The text, "If any man sin, we have an Advocate with the Father, Jesus Christ the Righteous," evidently refers to trespasses and not to deliberate, or wilful sins; for, as we have already noted, the same Apostle writes, "He that sinneth is of the Devil"; "that which is begotten of God sinneth not." Any one begotten of God, possessed of the Holy Spirit, could not, so long as he is in possession of this Holy Spirit, commit a sin with full intention. Except under the influence of strong temptation of the flesh, he could not sin knowingly; for if he were to commit such a sin, he would be manifesting that he had lost the Holy Spirit entirely. So long as the Holy Spirit abides in him he could not wilfully, intelligently, commit sin. He might be overcome by the weaknesses of the flesh, and thus might give a measure of consent to the wrong; but this would be only a partial sin. Yet for that portion which would involve the consent of his mind he would receive stripes, in proportion to the degree of wilfulness connected with the matter.
Our unintentional trespasses, properly striven against, evidently do not interfere with the development of character. The implication of the Scriptures is that the New Creature who is properly growing is striving against all kinds of sin and imperfection and is waging a good warfare. In the case of trespasses which are unavoidable on his part, instead of doing him an injury, these serve to show him what points in his character are weak and need to be strengthened. He learns of his weaknesses only by more or less falling into trespasses unintentionally, unwillingly. As he finds weaknesses in his character-development, it becomes his pleasure and earnest effort to fortify himself along these lines, that he may become "strong in the Lord and in the power of His might."Ephesians 6:10.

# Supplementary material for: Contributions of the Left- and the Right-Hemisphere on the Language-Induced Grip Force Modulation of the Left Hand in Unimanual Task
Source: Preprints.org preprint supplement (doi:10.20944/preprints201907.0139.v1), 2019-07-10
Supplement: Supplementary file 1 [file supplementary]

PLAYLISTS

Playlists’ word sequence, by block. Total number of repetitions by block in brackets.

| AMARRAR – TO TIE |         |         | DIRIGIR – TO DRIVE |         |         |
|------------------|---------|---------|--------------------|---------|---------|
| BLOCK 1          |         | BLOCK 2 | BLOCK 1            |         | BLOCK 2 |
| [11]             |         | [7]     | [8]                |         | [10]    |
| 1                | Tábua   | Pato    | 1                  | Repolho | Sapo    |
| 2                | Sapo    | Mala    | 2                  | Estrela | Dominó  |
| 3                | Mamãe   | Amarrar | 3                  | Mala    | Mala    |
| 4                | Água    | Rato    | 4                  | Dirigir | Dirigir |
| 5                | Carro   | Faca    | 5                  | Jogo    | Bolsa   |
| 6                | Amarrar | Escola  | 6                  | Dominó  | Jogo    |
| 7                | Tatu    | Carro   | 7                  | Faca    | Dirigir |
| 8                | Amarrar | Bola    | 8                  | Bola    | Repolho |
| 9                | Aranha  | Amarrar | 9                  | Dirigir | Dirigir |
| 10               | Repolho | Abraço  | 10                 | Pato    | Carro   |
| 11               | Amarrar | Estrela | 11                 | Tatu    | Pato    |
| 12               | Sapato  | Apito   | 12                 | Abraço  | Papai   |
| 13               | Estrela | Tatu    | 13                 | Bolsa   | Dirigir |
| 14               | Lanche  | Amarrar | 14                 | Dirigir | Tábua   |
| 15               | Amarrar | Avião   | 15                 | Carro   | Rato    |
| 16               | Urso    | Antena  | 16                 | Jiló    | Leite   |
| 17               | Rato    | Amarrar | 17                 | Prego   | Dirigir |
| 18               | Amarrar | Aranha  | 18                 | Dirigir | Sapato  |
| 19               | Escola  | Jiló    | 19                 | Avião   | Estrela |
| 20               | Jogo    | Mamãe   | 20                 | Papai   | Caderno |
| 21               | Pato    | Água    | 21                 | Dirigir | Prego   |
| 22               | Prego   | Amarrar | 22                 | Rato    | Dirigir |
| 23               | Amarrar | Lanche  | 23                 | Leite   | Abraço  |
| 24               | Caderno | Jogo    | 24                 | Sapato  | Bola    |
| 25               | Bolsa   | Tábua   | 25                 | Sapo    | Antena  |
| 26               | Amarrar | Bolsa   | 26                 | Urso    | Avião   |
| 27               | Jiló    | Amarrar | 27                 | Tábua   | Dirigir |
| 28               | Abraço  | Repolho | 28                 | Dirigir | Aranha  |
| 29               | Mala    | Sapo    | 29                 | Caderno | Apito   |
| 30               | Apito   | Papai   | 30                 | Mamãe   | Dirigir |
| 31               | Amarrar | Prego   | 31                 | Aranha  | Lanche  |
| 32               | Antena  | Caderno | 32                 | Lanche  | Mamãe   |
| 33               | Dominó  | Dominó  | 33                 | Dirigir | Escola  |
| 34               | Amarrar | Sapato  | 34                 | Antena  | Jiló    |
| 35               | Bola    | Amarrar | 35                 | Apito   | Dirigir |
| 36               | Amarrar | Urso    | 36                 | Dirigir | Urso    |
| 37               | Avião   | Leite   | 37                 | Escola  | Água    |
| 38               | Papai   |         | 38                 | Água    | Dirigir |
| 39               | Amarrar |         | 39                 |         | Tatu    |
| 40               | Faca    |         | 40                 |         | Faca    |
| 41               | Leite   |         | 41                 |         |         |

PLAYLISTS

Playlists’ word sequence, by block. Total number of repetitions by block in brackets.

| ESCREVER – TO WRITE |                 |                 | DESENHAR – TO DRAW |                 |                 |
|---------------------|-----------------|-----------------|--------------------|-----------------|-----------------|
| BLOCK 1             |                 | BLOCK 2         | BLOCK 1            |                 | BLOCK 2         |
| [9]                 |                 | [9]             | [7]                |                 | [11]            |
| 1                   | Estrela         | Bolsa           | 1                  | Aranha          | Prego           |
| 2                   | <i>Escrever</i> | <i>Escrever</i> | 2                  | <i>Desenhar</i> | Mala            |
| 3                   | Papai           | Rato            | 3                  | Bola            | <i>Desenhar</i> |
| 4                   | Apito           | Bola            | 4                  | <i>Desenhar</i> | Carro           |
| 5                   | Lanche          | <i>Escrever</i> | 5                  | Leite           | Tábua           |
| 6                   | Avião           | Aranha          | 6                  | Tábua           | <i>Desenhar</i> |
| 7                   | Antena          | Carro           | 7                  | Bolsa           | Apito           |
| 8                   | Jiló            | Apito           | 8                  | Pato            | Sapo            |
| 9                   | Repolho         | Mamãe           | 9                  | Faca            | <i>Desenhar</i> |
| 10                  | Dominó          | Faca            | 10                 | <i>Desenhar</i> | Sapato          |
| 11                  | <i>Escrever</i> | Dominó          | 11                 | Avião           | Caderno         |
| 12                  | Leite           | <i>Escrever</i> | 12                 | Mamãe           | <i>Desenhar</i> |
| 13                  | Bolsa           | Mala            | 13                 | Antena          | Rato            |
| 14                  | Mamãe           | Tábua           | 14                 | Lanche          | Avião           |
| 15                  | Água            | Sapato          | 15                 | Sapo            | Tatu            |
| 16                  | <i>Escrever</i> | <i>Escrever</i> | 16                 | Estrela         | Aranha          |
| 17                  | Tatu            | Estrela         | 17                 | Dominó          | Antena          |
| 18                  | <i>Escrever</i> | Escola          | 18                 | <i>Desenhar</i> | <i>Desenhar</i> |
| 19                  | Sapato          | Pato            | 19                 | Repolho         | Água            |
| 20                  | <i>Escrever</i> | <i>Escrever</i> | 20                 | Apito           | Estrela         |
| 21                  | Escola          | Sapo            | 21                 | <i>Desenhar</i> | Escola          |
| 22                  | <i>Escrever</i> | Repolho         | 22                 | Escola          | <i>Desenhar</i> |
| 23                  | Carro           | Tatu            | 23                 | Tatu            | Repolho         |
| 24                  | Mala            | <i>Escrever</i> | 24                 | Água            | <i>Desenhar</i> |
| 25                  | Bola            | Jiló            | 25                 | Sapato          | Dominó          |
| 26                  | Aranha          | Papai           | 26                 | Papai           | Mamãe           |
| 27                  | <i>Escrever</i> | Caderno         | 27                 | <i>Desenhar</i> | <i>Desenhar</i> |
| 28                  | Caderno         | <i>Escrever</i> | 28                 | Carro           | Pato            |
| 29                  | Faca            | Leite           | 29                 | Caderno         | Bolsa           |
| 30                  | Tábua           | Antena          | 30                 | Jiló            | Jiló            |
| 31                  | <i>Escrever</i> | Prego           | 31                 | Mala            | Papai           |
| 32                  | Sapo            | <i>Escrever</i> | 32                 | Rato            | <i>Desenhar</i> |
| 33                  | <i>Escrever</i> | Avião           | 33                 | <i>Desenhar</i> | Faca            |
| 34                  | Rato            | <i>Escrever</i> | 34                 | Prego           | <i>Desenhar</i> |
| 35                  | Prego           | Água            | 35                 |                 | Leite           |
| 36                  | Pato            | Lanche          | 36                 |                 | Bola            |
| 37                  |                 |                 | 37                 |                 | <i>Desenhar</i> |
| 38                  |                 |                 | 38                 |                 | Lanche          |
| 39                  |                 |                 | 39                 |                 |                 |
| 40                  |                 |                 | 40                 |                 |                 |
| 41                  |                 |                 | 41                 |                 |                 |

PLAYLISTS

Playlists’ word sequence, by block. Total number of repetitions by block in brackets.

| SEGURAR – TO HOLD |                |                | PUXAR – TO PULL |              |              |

Our Lord declared that all manner of sin and blasphemy shall be forgiven men except the blasphemy [R5751 : page 252] against the Holy Spirit. His thought here, we believe, is that because men are more or less imperfect in their judgment, on that account the Lord would be willing to forgive all such blemishes and trespasses; for they are unintentional. Hence there would be Divine forgiveness for some of the great trespasses and transgressions which they have committed. The crucifixion of our Lord was not really intentional. Speaking of those who crucified Christ the Apostle Peter says, "I wot, brethren, that through ignorance ye did it, as did also your rulers." St. Paul expresses the same thought, saying, "For had they known, they would not have crucified the Lord of Glory."Acts 3:17; 1 Corinthians 2:8.
These statements imply that this act was more or less of a trespass on the part of the perpetrators. There was a measure of sin, a measure of knowledge. In proportion as they had knowledge they had responsibility, and proportionately received stripes, nationally and individually. Therefore the Scriptures tell us that there will be future opportunities of blessing to those who crucified the Prince of Life. Their eyes will be opened when they awake. We are glad of this. They did not sin with full knowledge and wilfulness, and are not, therefore, subjects of the Second Death. They will have a future trial. But we understand they will come up merely as members of the race of Adam. They will have no special favor as Jews, and may require, indeed, many stripes. Some may never be recovered.
What is it to sin against the Holy Spirit? We reply that the Holy Spirit is the Spirit of the Truth, of righteousness. Whoever recognizes the Spirit of the Truth, the Lord's Spirit, and intentionally does violence to it and to the messengers of that Truth, because they are its messengers, is sinning against the Holy Spirit; and to whatever extent one does this he is a wilful sinner. If his act be committed with full knowledge, full light, there would never be forgiveness for the sin, either in this life or in the life to come. And the end of that sin against full light and understanding would be the Second Death. While every intentional sin against the Holy Spirit, against the Truth, must have a punishment, whether in this Age or in the incoming Age, yet the punishment will not be the Second Death unless the knowledge, the sin, be a full, complete one.